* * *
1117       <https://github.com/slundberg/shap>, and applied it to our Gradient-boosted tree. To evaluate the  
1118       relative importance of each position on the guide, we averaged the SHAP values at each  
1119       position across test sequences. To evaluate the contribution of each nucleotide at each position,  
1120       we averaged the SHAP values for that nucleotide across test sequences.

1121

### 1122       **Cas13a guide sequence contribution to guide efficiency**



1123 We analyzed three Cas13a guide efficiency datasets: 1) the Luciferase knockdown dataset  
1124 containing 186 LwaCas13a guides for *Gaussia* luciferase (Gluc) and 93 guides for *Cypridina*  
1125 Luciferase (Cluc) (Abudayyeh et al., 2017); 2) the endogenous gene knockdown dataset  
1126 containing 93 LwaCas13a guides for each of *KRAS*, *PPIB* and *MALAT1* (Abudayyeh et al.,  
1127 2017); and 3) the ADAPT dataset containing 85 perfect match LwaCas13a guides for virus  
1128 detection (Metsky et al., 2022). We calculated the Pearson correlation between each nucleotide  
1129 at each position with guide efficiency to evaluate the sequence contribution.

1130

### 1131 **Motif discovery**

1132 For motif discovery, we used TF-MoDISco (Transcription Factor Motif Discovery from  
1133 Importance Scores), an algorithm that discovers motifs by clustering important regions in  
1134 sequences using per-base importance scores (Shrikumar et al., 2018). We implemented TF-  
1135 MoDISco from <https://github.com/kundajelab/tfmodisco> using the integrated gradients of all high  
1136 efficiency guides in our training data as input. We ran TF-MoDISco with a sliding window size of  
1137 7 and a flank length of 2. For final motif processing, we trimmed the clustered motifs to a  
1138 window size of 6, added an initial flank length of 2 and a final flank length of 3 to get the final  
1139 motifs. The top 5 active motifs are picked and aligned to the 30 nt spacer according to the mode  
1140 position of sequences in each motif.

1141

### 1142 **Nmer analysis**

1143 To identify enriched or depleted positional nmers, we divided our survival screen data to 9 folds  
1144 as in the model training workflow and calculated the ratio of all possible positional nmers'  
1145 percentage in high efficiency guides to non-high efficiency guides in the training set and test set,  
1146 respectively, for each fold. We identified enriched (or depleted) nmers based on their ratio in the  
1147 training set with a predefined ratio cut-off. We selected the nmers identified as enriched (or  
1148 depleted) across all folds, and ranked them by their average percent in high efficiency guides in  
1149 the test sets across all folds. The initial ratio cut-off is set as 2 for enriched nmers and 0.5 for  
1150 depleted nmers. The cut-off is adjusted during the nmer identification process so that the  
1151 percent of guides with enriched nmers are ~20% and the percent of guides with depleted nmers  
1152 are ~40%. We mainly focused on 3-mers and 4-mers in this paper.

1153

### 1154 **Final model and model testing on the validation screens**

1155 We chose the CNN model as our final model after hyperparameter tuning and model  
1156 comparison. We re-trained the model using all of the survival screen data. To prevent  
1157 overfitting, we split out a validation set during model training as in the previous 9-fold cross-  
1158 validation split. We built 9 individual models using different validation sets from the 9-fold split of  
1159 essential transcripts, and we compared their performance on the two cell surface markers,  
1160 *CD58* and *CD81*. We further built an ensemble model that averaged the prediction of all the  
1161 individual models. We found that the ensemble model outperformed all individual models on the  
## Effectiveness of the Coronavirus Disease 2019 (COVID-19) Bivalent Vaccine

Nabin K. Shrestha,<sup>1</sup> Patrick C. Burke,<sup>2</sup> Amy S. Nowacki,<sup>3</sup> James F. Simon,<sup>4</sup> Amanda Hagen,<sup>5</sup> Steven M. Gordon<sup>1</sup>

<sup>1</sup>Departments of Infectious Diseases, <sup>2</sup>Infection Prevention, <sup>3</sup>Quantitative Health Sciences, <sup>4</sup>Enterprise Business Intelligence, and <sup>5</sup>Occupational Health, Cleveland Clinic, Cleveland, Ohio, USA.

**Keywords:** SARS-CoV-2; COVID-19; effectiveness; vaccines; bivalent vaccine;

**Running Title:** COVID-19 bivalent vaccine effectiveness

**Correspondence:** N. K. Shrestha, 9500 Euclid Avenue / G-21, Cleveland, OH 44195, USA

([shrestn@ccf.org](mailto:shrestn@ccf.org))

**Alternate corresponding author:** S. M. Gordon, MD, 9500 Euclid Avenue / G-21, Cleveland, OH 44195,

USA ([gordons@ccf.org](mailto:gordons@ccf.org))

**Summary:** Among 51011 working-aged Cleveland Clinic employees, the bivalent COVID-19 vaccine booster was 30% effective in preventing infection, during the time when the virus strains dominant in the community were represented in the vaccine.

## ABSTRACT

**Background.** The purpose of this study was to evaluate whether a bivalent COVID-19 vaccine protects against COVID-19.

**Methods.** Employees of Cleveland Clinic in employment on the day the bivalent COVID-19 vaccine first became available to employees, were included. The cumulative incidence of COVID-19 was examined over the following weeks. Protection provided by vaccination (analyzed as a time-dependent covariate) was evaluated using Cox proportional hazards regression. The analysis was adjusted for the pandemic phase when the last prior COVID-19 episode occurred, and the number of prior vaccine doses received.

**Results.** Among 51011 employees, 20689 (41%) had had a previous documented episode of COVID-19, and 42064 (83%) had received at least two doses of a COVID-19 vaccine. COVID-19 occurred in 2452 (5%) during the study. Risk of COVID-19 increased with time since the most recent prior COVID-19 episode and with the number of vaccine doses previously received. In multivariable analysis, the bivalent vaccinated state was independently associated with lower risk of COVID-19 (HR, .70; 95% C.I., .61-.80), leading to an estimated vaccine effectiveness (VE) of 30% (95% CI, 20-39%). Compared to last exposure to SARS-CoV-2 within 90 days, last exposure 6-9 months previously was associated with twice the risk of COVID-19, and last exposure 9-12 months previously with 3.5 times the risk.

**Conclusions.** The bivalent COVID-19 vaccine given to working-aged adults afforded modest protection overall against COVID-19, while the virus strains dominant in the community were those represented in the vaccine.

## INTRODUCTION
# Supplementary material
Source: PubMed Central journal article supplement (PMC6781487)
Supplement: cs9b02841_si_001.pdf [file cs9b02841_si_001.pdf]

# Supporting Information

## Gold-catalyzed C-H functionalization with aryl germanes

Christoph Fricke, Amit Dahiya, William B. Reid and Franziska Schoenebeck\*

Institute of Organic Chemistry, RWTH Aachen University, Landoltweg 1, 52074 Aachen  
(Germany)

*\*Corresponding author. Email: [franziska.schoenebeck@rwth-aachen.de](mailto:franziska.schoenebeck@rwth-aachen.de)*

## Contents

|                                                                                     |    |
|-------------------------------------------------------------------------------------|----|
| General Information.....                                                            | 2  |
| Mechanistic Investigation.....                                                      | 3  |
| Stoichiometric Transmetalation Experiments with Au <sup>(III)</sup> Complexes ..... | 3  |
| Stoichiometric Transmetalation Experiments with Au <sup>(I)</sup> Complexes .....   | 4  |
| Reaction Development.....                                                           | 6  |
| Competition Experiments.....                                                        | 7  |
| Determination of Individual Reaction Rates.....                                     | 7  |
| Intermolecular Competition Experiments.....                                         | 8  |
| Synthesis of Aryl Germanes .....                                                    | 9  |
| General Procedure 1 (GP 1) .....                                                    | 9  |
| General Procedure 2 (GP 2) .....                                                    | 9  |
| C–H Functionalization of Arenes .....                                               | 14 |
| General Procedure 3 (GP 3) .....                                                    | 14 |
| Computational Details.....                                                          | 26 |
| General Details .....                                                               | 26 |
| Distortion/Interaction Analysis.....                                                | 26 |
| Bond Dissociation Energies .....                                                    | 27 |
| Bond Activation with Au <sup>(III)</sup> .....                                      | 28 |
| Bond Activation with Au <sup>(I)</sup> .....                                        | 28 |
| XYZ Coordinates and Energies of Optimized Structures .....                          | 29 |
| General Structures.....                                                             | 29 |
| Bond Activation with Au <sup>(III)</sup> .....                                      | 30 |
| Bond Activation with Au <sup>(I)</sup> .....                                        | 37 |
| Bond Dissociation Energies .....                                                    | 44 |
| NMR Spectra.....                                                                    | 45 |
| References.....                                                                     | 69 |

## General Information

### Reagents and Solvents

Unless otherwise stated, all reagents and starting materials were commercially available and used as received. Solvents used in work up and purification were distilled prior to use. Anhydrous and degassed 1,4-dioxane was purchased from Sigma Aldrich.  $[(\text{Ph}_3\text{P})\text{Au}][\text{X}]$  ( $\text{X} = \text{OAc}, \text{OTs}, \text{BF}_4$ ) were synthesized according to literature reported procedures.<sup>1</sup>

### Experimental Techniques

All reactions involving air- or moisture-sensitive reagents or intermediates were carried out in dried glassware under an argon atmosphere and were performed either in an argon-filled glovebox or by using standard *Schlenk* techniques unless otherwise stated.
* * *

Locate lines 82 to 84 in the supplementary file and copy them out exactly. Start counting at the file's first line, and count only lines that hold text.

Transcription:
| Synthesis of Aryl Germanes .....                                                    | 9  |
| General Procedure 1 (GP 1) .....                                                    | 9  |
| General Procedure 2 (GP 2) .....                                                    | 9  |